There were only two surviving babies, one born a couple of weeks before liberation, one born after liberation (and nursed by the mother of the other surviving child). All of the other babies were killed and often their mothers with them.

But part of the reason there were no surviving babies is that Perl killed three thousand of them. And it wasn't certain that the mothers would be killed if they had a baby.

Someone offered an abortion Polgar's mother too... so the practice was still going on at that late date. Might other babies aborted at that time have survived? They did in a satelite camp of Dachau where a Hungarian doctor delivered seven babies... and they survived.
posted by Jahaza at 10:34 AM on November 28, 2012


Jahaza, in a humanless, godless place where there is no hope and no way to know if any type of salvation in this current, physical life of yours will come to free you, your decisions cannot be judged by the accepted standards of a humanized world.

Might more babies have survived?

Maybe.

But the more probable result? Many more woman would have died. Along with those babies.

These women were living another version of Sophie's choice.

I cannot and do not judge them, and I respect that many, if not all, of them have had many dark nights asking themselves these same questions of their own decisions. Why do we need to ask these questions of their decisions as well?
posted by zizzle at 10:52 AM on November 28, 2012 [4 favorites]


But part of the reason there were no surviving babies is that Perl killed three thousand of them.

And who said Christians don't know what chutzpah is?
posted by benito.strauss at 10:52 AM on November 28, 2012 [16 favorites]


But part of the reason there were no surviving babies is that Perl killed three thousand of them. And it wasn't certain that the mothers would be killed if they had a baby.

Did we read different articles? I thought it was made pretty clear that the overwhelming majority of pregnant women discovered in the camps were tortured to death, and the survival rate of actual infants was non-existent. You realize Mengele was lying when he said he was sending pregnant women to camps with better nutrition and care, right?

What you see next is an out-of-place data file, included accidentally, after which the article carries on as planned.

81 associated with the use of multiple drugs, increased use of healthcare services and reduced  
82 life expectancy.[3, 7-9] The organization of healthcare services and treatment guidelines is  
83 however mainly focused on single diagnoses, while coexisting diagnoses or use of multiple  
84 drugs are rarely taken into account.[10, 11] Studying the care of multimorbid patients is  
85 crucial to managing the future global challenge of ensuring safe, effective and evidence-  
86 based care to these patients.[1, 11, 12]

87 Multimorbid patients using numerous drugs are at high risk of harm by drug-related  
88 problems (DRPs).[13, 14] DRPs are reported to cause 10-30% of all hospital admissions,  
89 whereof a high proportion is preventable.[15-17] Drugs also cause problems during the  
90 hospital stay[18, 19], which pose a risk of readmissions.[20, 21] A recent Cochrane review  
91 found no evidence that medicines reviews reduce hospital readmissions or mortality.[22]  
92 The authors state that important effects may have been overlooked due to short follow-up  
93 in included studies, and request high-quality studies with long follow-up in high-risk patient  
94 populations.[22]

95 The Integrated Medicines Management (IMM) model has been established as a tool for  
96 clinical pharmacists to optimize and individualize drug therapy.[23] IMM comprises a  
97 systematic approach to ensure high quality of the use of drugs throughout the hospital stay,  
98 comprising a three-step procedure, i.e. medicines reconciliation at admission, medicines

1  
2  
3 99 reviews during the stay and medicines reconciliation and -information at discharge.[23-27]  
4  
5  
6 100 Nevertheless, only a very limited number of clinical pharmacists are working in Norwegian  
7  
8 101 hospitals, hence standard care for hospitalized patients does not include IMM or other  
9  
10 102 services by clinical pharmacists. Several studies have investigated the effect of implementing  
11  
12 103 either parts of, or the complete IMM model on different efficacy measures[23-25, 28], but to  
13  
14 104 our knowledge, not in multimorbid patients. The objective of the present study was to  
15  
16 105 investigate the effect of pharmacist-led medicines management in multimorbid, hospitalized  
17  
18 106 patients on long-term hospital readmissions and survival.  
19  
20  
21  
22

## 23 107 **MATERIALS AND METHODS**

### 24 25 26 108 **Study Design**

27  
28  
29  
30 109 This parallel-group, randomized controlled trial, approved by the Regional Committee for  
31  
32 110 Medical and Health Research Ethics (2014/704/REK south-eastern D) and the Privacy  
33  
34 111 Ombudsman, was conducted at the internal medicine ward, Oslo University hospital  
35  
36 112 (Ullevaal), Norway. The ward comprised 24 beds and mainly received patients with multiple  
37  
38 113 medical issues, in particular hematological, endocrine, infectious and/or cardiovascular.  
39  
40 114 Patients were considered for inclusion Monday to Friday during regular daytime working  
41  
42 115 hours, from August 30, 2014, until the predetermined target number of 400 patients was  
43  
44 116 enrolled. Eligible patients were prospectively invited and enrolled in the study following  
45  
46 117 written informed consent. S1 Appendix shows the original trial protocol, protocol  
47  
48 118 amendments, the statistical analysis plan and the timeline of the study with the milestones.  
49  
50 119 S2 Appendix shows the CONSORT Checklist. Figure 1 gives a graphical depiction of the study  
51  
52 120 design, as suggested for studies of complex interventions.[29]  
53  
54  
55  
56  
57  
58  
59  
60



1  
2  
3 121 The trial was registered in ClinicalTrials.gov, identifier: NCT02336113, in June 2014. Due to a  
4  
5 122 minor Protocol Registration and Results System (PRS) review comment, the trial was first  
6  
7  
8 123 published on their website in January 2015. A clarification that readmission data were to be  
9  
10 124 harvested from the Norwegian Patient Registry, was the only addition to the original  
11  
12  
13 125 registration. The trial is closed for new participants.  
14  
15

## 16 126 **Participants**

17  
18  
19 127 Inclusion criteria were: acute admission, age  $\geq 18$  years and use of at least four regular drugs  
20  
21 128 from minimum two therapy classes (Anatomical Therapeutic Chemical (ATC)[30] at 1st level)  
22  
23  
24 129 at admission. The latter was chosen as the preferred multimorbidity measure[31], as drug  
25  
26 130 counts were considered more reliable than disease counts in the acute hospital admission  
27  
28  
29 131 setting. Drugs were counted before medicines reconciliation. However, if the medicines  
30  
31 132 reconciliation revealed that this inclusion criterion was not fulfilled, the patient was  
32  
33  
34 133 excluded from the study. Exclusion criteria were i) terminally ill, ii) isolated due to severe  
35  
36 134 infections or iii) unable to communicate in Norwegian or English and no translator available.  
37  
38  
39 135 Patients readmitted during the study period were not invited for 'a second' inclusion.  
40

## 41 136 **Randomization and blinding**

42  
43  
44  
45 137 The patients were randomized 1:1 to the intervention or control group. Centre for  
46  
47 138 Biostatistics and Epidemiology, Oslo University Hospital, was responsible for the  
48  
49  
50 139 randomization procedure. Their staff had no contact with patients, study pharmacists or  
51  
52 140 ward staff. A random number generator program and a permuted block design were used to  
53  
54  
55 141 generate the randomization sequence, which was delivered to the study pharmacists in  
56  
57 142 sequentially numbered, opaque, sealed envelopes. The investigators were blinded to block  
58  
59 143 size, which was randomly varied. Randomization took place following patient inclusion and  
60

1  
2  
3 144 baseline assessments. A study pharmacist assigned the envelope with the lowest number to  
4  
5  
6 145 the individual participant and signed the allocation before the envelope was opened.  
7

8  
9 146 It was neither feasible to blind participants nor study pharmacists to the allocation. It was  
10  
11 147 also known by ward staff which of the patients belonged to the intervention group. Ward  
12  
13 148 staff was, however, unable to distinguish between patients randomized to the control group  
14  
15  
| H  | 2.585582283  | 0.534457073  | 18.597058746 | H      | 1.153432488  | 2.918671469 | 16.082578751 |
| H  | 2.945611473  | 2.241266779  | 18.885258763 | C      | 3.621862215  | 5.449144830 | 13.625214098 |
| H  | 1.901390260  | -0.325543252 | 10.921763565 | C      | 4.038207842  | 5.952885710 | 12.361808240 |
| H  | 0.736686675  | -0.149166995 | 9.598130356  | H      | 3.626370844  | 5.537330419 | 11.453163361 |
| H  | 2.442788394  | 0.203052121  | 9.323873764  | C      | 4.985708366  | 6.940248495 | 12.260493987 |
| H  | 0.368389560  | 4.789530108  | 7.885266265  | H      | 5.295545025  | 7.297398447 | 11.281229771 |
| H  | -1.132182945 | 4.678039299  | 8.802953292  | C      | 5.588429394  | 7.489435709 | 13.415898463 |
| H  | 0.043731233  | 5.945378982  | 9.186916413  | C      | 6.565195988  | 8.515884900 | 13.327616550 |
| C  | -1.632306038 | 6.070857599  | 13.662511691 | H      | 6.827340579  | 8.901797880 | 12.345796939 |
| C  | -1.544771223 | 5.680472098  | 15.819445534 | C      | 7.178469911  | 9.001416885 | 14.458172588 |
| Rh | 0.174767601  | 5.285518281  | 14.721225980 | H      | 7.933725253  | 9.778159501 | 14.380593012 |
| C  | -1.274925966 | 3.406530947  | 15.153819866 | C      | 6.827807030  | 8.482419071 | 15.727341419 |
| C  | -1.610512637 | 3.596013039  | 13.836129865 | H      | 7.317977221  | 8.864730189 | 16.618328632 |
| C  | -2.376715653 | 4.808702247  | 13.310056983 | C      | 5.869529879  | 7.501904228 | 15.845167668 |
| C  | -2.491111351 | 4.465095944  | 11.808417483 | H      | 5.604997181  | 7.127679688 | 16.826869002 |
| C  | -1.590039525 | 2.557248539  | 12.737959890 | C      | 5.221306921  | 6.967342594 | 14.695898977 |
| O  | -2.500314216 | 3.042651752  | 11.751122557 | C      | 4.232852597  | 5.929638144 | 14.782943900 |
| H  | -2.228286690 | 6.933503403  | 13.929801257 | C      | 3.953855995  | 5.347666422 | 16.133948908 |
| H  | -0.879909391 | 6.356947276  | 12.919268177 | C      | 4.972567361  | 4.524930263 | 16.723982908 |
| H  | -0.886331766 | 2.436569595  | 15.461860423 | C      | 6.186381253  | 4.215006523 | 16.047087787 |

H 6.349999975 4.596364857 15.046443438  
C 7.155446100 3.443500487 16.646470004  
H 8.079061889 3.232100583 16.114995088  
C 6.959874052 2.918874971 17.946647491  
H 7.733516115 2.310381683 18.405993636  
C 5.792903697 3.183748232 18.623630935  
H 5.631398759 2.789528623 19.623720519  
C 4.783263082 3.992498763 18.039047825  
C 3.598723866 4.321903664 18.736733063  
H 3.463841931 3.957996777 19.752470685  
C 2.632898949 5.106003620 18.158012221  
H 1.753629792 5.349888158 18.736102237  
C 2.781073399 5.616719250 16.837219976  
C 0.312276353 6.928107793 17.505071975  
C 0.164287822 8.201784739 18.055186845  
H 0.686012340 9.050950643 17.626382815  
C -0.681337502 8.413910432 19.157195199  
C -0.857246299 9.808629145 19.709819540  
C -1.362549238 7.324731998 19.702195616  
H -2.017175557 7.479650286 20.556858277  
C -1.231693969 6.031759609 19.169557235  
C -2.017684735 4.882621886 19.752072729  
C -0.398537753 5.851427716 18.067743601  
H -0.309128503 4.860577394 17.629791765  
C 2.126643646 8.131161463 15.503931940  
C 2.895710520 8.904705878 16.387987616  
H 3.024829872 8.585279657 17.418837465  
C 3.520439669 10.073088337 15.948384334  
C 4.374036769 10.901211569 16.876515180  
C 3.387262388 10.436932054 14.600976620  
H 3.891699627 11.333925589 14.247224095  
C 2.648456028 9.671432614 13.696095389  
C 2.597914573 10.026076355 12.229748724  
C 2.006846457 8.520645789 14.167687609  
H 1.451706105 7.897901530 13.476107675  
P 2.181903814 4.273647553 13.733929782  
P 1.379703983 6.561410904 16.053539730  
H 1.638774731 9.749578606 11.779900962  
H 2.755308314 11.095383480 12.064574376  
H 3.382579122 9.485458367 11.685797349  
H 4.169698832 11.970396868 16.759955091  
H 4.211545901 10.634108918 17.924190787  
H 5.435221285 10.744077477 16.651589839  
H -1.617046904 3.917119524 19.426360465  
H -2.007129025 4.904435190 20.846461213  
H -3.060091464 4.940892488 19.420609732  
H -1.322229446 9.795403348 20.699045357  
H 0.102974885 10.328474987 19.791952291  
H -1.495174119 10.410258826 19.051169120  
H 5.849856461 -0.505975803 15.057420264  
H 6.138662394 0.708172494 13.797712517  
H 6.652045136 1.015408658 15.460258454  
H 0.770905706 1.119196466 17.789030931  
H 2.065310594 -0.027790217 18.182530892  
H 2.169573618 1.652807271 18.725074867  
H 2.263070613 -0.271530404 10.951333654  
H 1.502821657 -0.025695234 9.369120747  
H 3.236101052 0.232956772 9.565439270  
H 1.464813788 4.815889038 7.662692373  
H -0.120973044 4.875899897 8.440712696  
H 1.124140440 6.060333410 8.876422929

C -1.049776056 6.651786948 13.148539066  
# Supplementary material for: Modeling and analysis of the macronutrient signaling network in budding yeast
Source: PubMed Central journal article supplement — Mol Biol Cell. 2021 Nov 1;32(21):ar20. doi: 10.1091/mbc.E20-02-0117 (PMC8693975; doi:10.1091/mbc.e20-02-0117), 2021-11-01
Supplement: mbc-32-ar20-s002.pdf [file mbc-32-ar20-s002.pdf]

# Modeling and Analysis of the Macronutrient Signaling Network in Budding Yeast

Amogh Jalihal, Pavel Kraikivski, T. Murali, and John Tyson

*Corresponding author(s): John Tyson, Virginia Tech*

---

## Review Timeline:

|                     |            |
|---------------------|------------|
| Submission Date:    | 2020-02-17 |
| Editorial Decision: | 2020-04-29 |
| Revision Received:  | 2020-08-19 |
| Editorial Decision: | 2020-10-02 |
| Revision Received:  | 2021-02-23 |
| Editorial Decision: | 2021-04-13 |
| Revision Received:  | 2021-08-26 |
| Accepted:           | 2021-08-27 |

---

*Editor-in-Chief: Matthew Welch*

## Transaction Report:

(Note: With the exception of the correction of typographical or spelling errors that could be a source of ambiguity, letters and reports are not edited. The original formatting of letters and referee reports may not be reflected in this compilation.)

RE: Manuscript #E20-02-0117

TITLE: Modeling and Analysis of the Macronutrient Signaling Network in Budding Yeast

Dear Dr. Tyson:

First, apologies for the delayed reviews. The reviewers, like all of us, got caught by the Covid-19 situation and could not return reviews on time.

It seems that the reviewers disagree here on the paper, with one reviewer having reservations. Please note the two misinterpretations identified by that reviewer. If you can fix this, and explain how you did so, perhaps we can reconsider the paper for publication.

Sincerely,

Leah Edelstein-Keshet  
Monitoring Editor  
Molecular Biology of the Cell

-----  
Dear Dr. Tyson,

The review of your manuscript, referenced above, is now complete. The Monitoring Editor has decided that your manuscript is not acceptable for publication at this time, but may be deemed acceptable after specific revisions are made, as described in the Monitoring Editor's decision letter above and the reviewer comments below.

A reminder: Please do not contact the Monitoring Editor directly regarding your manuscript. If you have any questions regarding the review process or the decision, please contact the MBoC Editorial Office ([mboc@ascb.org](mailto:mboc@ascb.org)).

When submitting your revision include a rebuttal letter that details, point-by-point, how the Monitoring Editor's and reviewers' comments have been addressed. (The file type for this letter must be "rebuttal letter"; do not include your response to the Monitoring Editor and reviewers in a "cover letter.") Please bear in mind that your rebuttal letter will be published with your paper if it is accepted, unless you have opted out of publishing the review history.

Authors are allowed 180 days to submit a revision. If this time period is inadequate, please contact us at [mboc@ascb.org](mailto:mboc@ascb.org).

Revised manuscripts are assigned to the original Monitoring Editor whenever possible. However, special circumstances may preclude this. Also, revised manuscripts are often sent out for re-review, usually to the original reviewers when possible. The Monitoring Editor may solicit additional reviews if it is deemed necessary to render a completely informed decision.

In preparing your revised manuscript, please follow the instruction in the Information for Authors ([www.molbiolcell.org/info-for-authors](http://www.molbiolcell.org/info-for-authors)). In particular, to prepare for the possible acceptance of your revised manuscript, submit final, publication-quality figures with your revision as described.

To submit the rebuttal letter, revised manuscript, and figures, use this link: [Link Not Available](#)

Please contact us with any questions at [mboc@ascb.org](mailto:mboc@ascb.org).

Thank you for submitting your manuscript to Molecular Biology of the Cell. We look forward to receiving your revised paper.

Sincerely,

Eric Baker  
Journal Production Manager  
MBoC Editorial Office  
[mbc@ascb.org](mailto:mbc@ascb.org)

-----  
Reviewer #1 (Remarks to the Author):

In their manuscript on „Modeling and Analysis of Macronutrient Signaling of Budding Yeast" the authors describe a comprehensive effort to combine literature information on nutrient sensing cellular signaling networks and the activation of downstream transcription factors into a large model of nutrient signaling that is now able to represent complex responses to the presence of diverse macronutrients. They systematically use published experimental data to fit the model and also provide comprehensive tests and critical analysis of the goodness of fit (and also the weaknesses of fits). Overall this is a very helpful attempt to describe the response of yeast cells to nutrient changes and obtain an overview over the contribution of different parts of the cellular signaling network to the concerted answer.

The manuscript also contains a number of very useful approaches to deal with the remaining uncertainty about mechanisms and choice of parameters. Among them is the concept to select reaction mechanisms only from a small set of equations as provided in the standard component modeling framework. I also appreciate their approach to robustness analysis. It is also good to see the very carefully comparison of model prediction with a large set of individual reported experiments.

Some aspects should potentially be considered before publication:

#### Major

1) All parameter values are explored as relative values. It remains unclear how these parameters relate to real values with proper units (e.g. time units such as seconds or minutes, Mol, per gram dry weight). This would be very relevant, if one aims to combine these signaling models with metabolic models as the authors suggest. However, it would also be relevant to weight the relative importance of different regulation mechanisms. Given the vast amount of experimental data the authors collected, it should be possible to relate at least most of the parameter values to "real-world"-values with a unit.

What research have you done on the Holocaust and the death clamps that led you to the conclusion a pregnant woman could reasonably expect to bear a child to term and have it survive? Do tell.
posted by schroedinger at 11:07 AM on November 28, 2012 [9 favorites]


Might other babies aborted at that time have survived? They did in a satelite camp of Dachau where a Hungarian doctor delivered seven babies... and they survived.

I don't think it's fair to compare Auschwitz and other camps in this context. It's wonderful that those other babies were born and survived. However, that has no bearing on what was happening at Auschwitz under Mengele.
posted by coupdefoudre at 11:20 AM on November 28, 2012 [1 favorite]


I humbly suggests that the argument about whether abortion is murder in a death camp is so ridiculous that one half of the debate refutes itself. Do not be derailed by the bridge dwellers.
posted by DarlingBri at 11:20 AM on November 28, 2012 [19 favorites]


I cannot and do not judge them, and I respect that many, if not all, of them have had many dark nights asking themselves these same questions of their own decisions. Why do we need to ask these questions of their decisions as well?

I don't judge (i.e. condemn) her, clearly this was a situation of tremendous duress.

But that doesn't mean what she did was neccesarily right, that she should be "hailed on behalf of 'simple humanity'" or called the "angel of Auschwitz." Maybe we should just actually not pass judgment on her responsibility.
posted by Jahaza at 12:17 PM on November 28, 2012


Reading Dr. Perl's accounts of the horrors in the Auschwitz "hospital" galvanizes the very recent, entirely-too-late surplus of quiet awe that I'm discovering I owe my grandfather: it seems it was thanks to his initiative - the very first filing of criminal charges against then-unknown Mengele in 1958, after collecting witness reports during research for his Anne Frank book - that these unspeakable crimes first came into the public eye.
posted by progosk at 12:55 PM on November 28, 2012 [13 favorites]


There was a story about her called "The Other Doctor of Auschwitz" in the book Small Miracles of the Holocaust.

Great post.
posted by SisterHavana at 8:43 PM on November 28, 2012 [1 favorite]


And the fucking thing is that all of those sumbitches were catholics!!
posted by CRESTA at 6:13 PM on November 29, 2012